The world took a giant step towards developing a viable, safe and effective microbicide against HIV with commitments from several governments to significant microbicide development. Canada pledged US$13.2 million, and the Netherlands committed to $15.7 million over four years, to the International Partnership for Microbicides. Belgium ($4 million) and Sweden ($2.17 million) also increased their support for microbicides research. PAI hails these commitments and urges other governments to follow suit in order to bring this innovative and life-saving technology to the women around the globe who desperately need it.
Microbicides are designed to reduce or prevent the transmission of HIV—and potentially other sexually transmitted infections (STIs) as well—when used during sexual intercourse. They would also provide women with a defense against HIV that they can initiate without the consent of their partner—a crucial innovation that does not currently exist. In parts of the world where the status of women makes it difficult for them to negotiate condom use, microbicides would empower women to protect themselves. Some microbicides even have the potential to allow pregnancy while still offering protection from STIs including HIV.
Funding for this exciting new technology now stands at $168 million total worldwide, with the U.S. providing over $100 million. Sadly, this still lags far behind the estimated $280 million needed annually over the next five years in order to accelerate the development of this life-saving tool. A number of HIV/AIDS congressional champions, led by Congressman Chris Shays (R-CT), have sponsored the Microbicide Development Act (HR 3854) which would prioritize funding and support for the development of microbicides. It should be reintroduced in the 110th Congress, passed and fully funded.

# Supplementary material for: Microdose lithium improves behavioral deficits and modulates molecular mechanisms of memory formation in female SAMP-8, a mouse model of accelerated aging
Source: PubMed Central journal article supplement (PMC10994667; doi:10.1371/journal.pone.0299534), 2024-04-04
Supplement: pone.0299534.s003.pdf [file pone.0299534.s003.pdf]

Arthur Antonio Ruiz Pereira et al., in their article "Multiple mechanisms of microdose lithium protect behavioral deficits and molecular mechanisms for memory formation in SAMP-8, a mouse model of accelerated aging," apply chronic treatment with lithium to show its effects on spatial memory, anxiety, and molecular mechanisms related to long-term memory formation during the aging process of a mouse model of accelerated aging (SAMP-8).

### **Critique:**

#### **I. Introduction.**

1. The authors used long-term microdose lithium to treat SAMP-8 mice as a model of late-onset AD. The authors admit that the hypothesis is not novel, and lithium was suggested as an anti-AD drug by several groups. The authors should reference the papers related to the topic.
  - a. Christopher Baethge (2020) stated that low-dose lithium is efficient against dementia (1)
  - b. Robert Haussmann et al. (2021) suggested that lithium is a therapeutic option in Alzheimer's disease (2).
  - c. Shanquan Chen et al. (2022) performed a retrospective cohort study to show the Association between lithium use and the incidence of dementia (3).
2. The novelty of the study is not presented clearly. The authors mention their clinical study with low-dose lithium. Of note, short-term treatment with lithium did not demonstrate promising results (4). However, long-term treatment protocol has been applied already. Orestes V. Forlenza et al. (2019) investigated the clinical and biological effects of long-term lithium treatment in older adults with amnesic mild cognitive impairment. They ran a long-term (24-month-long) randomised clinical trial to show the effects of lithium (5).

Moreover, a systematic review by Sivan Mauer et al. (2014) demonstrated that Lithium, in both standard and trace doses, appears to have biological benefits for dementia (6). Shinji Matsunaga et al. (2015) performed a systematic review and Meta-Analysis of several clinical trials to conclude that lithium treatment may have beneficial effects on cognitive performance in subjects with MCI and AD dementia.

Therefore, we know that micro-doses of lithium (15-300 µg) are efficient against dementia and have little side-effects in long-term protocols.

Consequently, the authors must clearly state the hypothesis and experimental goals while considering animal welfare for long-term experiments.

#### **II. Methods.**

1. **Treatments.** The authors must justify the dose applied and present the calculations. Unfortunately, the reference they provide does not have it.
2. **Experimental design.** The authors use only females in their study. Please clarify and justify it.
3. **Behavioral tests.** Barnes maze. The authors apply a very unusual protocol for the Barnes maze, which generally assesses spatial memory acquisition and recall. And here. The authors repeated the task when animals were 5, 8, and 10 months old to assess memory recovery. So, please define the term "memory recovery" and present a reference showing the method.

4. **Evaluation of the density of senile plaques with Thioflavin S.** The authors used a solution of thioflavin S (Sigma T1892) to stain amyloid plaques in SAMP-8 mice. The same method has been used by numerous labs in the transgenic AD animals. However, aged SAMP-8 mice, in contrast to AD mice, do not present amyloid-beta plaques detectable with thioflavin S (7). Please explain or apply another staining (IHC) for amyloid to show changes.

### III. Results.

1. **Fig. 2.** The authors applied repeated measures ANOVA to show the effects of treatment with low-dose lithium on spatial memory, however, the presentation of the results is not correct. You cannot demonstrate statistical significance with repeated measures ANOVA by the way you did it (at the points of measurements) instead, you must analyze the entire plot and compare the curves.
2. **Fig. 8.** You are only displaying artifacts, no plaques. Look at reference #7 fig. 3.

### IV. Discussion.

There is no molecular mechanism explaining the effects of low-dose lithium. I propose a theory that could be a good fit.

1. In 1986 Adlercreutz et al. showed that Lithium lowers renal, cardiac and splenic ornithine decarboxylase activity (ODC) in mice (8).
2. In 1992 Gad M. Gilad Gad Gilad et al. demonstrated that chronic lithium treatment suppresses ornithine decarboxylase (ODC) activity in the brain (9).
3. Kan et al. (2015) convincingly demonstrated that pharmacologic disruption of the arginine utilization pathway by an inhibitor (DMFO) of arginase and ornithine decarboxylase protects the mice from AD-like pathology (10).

With HIV/AIDS affecting a disproportionate number of women, having safe and effective microbicides available could go a long way towards stemming the infection rate worldwide. PAI is encouraged by recent governmental pledges, but total public—and private—financial commitments must be increased to meet realistic cost estimates of this vital research and product development.